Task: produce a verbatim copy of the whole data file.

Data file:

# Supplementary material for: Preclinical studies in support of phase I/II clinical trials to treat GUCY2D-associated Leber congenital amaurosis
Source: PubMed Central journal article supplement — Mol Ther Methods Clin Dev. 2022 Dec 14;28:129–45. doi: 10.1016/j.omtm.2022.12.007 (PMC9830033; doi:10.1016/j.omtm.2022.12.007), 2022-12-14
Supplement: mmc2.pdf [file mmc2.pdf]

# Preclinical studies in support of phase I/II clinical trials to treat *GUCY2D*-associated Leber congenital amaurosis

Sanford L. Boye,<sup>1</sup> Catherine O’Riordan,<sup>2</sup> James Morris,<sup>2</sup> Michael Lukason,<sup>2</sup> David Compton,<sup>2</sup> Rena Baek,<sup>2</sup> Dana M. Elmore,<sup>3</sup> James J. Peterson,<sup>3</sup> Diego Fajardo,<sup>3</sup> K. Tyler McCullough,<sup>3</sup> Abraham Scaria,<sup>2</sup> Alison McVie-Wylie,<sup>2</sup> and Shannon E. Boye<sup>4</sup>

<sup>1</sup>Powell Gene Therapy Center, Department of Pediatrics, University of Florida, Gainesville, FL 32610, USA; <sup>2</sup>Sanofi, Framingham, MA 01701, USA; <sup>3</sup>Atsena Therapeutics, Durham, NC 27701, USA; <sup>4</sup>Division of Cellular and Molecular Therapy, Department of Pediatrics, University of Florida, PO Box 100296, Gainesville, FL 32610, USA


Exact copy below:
# Supplementary material for: Preclinical studies in support of phase I/II clinical trials to treat GUCY2D-associated Leber congenital amaurosis
Source: PubMed Central journal article supplement — Mol Ther Methods Clin Dev. 2022 Dec 14;28:129–45. doi: 10.1016/j.omtm.2022.12.007 (PMC9830033; doi:10.1016/j.omtm.2022.12.007), 2022-12-14
Supplement: mmc2.pdf [file mmc2.pdf]

# Preclinical studies in support of phase I/II clinical trials to treat *GUCY2D*-associated Leber congenital amaurosis

Sanford L. Boye,<sup>1</sup> Catherine O’Riordan,<sup>2</sup> James Morris,<sup>2</sup> Michael Lukason,<sup>2</sup> David Compton,<sup>2</sup> Rena Baek,<sup>2</sup> Dana M. Elmore,<sup>3</sup> James J. Peterson,<sup>3</sup> Diego Fajardo,<sup>3</sup> K. Tyler McCullough,<sup>3</sup> Abraham Scaria,<sup>2</sup> Alison McVie-Wylie,<sup>2</sup> and Shannon E. Boye<sup>4</sup>

<sup>1</sup>Powell Gene Therapy Center, Department of Pediatrics, University of Florida, Gainesville, FL 32610, USA; <sup>2</sup>Sanofi, Framingham, MA 01701, USA; <sup>3</sup>Atsena Therapeutics, Durham, NC 27701, USA; <sup>4</sup>Division of Cellular and Molecular Therapy, Department of Pediatrics, University of Florida, PO Box 100296, Gainesville, FL 32610, USA